He received a five days’ furlough while at Camp Sevier. The short stay at home seemed like a dream but he felt much better when he really saw that homefolks were doing as well as they were without him. I talked to him face to face while he was at home. He stated that he had accepted Christ as his Savior several years ago but had failed to unite with the church. His plans then were to join a Baptist church when he came home to stay.
He sailed overseas about May 15, 1918. It was thought from the dates of his letters that he lived from 20 to 30 days in the trenches. The greatest desire of all his letters were that God might let him come back home to live with his loved ones again. Such a short life but how thankful we ought to be that he was an honor to his country. “Greater love hath no man than this that he lay down his life for his friends.”
The whole county joins me in extending their heartfelt sympathy to his home people. He leaves an aged father, R.C. Burnette of Alert, four brothers, George, Joe and Robert Burnette all of Alert, Horton Burnette at Camp Sevier and two sisters, Beulah and Nancy Burnette of Alert.
Franklin County’s son gave his life
For Liberty, Freedom and Truth
The things dearest to each life
That we might hold forever to the truth.
Weep no more dear ones
For God knoweth best
He gives us loved ones
He taketh them when its best.
He sleeps a restful sleep to us in an unknown grave,
And there he waits the resurrection morn
When all shall rise from the grave
And answer God’s call on that morn.
Willie G Macon
Mr. Willie G. Macon, son of Mr. and Mrs. W.G. Macon of near Ingleside, was reported killed in France early in October. Mr. Macon was one of Franklin County’s best young men and numbered his friends by his acquaintances. He was married to Miss Elizabeth Jones while in camp at Greenville, S.C., and besides her he leaves a father and mother, several sisters and brothers, and lots of friends and relatives.
Other News About Soldiers
A report was received in Louisburg that a Mr. Strickland of Harris township was killed in action, but we could not get it confirmed.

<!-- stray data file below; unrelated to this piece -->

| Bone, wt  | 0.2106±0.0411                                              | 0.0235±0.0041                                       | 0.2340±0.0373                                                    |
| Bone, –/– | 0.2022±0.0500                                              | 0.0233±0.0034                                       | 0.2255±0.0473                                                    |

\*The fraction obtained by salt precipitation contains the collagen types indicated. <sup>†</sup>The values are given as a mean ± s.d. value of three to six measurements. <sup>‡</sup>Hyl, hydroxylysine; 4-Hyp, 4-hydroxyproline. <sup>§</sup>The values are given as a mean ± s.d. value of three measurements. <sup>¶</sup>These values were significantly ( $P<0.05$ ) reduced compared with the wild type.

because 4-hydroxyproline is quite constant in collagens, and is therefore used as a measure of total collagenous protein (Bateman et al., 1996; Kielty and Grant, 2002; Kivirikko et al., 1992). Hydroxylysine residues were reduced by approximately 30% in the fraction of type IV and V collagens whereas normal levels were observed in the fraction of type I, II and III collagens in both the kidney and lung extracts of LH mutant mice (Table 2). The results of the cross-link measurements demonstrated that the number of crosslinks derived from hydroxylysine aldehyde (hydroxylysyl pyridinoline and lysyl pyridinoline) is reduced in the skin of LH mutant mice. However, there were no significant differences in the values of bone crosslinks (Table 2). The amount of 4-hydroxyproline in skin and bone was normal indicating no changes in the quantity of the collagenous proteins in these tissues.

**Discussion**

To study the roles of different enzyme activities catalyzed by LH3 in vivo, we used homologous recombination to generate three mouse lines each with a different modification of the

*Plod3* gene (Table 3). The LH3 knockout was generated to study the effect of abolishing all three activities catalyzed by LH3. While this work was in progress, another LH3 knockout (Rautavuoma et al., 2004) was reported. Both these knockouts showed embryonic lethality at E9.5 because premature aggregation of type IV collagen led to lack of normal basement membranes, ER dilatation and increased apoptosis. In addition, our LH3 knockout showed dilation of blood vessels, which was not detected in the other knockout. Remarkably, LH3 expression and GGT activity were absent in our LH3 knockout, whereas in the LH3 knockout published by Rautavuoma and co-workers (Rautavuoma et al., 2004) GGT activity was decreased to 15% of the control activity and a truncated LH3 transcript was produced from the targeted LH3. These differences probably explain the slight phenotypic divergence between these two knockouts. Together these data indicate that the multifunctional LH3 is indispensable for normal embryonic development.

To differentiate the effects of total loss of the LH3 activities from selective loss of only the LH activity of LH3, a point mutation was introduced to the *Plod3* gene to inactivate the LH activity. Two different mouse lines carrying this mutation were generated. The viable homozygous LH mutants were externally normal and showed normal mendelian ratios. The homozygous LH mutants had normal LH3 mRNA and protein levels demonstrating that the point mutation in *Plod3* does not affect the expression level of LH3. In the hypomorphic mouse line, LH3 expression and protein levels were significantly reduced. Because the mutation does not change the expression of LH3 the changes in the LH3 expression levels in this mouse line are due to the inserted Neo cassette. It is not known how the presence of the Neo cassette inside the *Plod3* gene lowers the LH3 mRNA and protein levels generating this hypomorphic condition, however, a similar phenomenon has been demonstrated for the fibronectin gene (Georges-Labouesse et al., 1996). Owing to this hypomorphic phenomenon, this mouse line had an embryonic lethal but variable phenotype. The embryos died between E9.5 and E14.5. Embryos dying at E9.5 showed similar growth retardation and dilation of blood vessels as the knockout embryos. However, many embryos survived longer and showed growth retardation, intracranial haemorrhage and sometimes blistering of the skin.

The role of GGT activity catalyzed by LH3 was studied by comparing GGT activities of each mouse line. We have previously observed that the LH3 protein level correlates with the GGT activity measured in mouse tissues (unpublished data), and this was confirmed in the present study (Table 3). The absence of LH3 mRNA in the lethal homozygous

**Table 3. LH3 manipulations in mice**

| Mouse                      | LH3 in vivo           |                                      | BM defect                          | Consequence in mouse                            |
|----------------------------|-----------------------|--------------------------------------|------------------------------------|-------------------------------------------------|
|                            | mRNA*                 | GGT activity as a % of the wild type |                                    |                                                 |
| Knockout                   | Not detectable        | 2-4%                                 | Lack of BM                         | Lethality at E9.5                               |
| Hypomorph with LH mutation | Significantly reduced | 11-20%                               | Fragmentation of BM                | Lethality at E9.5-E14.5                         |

Mr. Clifton A. Tharrington, son of Esse Tharrington of near town was reported wounded.
A letter from Major S.P. Boddie to his wife here says that he was wounded on the battlefield in October in three places, one ball taking effect in the foot, one in the shoulder and one in the lungs. He is improving and says he expects to get back at the Huns in a short while.
(There was also a letter from Tom G. Perry in this issue but most of it is unreadable.)
Letter From Mr. Alston
To all the people of Franklin County:
The news is coming to us every day of the death or wounding of some of our Franklin County boys. They are making the supreme sacrifice, they are going West in a cause that is glorious, they are dying as men. I had rather be a Sam Boddie or Willie Macon or any of the other boys that are being killed or wounded on the blood-soaked hills of France than to be a slacker as some are and walk the streets of Louisburg. These men will go down in history as not worth of the name of a man, while Sam and Willie and the rest will go down in history as God’s noblemen.
There are other ways of being a slacker than merely not going to the war. Am I a slacker in not doing my duty at home, are you doing yours? Today we are in the midst of a drive to raise money to secure something in the way of comfort for our wounded boys. Are we going to let the love of money keep us from giving to this noble cause? I for one am not going to be a slacker in this and I know you are not. Let us pile up an amount in Franklin County that will surprise every one. Our boys’ lives are at stake. We must respond. There is not a man, woman or child in Franklin County who cannot give something.